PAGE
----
The Author Online Book Forums are Moving

The Author Online Book Forums will soon redirect to Manning's liveBook and liveVideo. All book forum content will migrate to liveBook's discussion forum and all video forum content will migrate to liveVideo. Log in to liveBook or liveVideo with your Manning credentials to join the discussion!

Thank you for your engagement in the AoF over the years! We look forward to offering you a more enhanced forum experience.

319584 (3) [Avatar] Offline
#1
Chapter 1.4 on calculating pi: the code of the function calculatePi has to return abs(pi) in order to get a positive value. It turns out that the full sequence of terms is negative only because of the initial -1 value of operation. Starting with 1 would result in only positive terms:

func calculatePi (terms: Int) -> Double {
    ...
    var operation: Double = 1  // starting with positive value for the first and largest term
    var pi: Double = 0
    for _ in 0..<terms {
        ...
    }
    return pi                  // avoids having to return absolute value 
}
319584 (3) [Avatar] Offline
#2
Chapter 1.3 on OPT encryption:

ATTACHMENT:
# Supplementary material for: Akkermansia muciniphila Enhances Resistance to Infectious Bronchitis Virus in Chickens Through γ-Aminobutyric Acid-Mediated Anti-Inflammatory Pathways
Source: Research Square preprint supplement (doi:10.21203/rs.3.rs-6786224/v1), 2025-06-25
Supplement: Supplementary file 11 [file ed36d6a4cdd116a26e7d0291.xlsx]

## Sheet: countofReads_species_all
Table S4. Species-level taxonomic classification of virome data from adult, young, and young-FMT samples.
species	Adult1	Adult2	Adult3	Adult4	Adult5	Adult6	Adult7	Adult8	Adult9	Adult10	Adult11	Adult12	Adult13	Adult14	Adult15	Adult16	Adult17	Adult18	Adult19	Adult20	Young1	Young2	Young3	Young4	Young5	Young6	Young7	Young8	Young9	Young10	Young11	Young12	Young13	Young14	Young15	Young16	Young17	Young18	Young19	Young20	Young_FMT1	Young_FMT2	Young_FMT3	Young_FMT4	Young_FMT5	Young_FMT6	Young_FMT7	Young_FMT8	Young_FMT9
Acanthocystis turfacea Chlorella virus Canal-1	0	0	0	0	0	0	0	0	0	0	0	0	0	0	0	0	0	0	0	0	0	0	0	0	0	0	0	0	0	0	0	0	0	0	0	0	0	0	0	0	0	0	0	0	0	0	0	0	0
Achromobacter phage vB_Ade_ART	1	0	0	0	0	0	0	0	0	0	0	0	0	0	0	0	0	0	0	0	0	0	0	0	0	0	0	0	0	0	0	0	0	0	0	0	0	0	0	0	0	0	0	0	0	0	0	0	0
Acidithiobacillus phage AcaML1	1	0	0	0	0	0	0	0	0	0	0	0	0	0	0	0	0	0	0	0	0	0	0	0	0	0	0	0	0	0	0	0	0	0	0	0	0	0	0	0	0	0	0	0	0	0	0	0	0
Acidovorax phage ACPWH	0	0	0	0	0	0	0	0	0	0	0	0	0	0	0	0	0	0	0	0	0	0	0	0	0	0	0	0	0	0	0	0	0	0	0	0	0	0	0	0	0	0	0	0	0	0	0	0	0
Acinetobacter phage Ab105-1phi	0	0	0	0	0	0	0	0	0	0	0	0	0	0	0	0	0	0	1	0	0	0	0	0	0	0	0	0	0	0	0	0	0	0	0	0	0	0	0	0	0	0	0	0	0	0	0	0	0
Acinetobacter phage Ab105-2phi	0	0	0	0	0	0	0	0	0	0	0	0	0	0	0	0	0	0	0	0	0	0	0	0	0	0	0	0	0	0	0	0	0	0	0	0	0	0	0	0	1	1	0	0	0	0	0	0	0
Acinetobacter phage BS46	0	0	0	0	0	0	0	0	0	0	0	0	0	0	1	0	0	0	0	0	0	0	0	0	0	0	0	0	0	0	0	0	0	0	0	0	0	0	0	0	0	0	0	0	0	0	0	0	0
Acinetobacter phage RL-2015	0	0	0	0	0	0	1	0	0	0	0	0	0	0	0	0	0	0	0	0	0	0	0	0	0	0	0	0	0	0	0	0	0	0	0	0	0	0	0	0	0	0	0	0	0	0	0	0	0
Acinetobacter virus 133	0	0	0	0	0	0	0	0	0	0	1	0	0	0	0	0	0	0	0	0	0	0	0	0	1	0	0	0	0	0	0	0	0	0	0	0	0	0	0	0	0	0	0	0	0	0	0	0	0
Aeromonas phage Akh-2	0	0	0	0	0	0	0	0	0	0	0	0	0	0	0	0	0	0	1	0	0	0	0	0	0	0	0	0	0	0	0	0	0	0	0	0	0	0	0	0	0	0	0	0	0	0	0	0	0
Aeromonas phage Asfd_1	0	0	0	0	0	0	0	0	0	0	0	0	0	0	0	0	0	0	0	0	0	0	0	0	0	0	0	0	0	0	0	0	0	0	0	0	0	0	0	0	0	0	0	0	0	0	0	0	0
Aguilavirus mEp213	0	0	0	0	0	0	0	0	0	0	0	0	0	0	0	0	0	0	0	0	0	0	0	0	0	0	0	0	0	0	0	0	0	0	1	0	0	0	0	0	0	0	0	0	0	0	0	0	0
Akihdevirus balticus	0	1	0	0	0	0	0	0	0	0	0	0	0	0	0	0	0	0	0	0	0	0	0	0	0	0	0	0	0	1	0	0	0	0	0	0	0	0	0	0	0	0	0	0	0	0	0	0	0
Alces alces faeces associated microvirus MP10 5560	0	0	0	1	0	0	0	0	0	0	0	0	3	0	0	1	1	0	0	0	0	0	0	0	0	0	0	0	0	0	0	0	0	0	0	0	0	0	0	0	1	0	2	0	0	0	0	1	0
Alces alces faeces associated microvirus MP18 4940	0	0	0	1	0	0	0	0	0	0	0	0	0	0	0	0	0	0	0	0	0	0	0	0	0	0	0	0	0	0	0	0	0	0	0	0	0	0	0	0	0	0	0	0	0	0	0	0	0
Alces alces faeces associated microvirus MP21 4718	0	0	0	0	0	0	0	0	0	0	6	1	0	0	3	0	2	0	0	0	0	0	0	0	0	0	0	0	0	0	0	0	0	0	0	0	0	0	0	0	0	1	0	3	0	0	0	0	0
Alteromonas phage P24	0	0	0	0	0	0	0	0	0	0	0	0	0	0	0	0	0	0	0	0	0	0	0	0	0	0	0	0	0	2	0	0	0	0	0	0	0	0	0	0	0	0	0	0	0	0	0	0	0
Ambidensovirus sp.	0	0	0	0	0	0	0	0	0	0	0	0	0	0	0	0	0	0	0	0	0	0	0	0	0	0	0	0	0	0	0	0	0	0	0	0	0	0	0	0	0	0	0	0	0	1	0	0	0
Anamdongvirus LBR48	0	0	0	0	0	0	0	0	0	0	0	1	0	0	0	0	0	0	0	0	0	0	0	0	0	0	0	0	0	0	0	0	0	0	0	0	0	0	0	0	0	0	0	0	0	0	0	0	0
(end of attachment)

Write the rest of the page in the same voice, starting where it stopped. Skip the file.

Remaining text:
Figure 1.6 is confusing, because there is no real dummy data: what is called dummy in the picture is in fact the one time pass phrase (OTP). The first picture does further not match the code, because "dummy" (so in reality the OTP) is shown as input and as output, whereas in the code it is generated randomly and is not an input. Couldn't the schema be aligned with the code ?

Renaming the components of the OTPKeyPair into otpkey and cypher instead of the too abstract key1 and key2 could help the reader to understand better the purpose of each. Similarly, the readability of the encryptOTP code snippet could be increased by renaming dummy into passphrase or key (if possible use the same term than in figure 1.6).
David Kopec (15) [Avatar] Offline
#3
Hi @319584,

Thanks for the suggestions! The simplification of the pi calculation code is great. If there is another edition of the book I will update it. I disagree with you on the use of the term "dummy" as well as the diagram for OTP encryption example. I understand what you're saying, but I think for most readers, especially those with no prior encryption training, thinking about the random data as "dummy" data and seeing it as "input" to the XOR method makes intuitive sense. It depends on your semantic use of the word "input."

Thanks for reading!
Best,
DK
319584 (3) [Avatar] Offline
#4
Thank you for your answer. I'll continue on this thread with further suggestions